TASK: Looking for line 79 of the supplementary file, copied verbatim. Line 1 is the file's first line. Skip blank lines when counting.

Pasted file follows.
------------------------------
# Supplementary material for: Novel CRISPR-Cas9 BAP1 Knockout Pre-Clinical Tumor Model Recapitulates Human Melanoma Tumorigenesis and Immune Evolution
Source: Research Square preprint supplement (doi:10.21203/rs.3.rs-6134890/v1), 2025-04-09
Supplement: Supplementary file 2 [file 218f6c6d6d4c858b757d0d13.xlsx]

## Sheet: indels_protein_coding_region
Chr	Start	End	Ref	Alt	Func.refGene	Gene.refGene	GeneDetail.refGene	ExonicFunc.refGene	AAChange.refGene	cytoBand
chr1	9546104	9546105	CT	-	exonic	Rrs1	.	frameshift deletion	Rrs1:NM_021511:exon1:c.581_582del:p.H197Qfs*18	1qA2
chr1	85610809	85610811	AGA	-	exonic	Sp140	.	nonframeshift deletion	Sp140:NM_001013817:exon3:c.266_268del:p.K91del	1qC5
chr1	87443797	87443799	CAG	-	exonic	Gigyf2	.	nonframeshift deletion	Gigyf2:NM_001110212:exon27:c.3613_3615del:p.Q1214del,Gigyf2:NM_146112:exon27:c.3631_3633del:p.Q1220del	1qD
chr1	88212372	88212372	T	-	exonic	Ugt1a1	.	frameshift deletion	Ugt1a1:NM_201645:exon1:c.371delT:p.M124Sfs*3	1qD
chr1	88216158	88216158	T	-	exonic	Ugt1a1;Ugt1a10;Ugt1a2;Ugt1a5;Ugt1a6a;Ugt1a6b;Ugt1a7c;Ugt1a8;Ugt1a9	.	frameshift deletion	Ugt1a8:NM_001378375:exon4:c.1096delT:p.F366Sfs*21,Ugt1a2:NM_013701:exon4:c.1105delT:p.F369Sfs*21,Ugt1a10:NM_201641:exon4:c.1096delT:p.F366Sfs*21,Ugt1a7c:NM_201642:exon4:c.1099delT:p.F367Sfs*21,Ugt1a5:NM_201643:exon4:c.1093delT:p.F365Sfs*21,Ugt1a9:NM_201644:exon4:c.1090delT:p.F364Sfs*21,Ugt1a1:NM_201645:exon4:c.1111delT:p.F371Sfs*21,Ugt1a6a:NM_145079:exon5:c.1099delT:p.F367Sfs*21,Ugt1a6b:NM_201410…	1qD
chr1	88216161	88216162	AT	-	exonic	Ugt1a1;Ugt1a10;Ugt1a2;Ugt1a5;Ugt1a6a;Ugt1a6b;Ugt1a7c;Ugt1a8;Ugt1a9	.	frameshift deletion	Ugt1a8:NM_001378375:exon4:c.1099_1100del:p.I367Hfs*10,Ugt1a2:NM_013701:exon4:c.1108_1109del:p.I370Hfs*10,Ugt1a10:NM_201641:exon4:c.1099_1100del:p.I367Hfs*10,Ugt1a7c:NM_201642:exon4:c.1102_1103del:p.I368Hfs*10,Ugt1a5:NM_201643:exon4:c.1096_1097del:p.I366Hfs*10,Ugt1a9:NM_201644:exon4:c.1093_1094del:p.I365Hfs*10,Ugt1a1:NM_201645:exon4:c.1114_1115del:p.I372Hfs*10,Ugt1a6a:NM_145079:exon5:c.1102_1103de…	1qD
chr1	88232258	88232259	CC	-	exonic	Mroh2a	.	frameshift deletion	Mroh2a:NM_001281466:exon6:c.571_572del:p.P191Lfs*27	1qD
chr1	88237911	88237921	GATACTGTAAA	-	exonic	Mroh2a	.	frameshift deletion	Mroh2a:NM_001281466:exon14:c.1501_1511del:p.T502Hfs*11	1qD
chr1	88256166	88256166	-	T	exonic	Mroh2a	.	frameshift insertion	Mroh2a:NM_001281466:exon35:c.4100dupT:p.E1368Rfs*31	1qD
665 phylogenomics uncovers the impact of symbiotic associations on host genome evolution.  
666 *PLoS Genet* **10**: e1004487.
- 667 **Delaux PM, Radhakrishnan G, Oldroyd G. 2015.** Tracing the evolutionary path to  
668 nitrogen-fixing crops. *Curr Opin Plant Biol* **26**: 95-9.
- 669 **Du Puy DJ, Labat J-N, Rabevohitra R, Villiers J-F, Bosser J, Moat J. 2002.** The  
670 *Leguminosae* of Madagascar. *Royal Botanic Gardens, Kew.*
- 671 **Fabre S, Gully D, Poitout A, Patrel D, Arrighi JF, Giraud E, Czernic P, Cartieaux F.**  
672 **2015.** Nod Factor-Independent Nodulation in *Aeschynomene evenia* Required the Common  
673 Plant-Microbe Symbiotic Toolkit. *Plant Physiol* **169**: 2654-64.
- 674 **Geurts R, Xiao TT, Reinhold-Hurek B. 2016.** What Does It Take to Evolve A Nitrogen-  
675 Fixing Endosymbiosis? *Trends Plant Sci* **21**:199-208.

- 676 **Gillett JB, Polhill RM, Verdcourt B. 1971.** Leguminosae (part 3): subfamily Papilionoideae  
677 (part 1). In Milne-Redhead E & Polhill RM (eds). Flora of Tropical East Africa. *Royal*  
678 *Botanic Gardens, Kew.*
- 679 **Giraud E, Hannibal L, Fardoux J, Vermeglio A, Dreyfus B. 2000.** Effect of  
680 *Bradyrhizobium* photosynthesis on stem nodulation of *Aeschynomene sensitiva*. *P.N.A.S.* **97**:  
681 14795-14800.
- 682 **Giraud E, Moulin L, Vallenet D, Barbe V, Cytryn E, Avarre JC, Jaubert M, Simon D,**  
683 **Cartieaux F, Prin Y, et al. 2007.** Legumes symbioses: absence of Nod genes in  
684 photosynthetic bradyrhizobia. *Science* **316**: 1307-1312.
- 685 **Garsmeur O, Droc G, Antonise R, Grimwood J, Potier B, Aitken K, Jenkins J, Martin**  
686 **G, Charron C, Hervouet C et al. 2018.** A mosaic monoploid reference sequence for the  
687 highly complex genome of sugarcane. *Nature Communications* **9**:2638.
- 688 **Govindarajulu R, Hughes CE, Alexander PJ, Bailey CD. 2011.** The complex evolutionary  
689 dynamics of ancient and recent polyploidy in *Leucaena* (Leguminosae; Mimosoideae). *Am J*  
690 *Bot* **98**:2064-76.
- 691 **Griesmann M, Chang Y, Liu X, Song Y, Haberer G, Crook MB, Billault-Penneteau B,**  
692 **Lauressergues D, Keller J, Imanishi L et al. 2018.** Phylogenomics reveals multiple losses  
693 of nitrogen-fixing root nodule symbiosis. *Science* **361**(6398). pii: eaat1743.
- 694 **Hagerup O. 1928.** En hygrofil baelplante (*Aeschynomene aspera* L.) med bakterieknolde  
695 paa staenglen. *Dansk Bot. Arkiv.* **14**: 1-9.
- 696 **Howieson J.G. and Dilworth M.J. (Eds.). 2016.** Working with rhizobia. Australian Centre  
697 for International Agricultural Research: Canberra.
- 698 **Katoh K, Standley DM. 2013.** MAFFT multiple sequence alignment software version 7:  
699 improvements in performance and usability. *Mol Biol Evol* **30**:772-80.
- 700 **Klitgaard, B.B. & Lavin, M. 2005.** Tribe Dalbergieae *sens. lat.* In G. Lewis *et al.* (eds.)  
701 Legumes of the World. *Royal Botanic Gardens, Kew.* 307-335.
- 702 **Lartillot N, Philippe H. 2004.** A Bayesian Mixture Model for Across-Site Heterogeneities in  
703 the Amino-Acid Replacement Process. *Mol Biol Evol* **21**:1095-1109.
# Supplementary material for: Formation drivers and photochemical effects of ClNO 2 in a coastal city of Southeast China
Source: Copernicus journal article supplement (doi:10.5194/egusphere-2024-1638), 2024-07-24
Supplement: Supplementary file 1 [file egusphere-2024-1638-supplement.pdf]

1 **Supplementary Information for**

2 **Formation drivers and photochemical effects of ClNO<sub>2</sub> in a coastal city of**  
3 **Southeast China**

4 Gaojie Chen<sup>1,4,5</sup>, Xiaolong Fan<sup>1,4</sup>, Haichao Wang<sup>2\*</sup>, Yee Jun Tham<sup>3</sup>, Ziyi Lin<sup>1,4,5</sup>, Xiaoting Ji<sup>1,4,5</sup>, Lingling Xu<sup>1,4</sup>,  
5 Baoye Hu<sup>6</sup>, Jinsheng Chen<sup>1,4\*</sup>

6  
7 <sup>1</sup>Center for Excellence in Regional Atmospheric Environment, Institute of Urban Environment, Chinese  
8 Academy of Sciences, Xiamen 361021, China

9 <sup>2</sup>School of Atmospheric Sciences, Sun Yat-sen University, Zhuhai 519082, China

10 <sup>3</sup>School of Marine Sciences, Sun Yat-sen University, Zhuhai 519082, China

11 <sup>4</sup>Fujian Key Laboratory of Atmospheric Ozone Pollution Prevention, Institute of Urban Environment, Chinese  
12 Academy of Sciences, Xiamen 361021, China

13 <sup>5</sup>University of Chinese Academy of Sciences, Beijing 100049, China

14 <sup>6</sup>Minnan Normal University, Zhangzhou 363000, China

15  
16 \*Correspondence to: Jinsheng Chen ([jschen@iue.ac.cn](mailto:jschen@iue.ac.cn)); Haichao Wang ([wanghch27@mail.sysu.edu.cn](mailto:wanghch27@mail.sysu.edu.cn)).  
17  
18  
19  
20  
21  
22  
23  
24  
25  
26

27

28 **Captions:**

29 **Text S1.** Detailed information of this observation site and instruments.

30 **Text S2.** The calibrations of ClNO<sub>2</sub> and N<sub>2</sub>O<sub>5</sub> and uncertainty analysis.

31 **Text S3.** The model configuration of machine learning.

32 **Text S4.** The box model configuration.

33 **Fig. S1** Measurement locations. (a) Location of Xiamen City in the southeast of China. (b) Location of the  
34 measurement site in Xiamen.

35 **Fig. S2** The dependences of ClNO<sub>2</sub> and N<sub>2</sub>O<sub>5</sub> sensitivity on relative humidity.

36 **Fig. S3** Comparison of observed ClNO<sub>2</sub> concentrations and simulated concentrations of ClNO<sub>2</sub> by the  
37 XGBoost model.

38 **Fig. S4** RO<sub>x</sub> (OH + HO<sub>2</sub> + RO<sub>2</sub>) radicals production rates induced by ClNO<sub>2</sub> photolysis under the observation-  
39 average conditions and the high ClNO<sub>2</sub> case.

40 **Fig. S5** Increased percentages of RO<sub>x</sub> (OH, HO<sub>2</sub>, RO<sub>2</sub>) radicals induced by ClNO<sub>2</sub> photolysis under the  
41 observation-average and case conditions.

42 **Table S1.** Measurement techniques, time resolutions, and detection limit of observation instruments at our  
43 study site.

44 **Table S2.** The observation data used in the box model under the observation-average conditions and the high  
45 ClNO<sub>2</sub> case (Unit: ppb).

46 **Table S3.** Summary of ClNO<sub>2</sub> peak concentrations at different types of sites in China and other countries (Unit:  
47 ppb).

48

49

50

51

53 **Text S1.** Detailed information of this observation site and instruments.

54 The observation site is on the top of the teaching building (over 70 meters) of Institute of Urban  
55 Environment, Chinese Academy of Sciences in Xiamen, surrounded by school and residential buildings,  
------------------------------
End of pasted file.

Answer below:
23  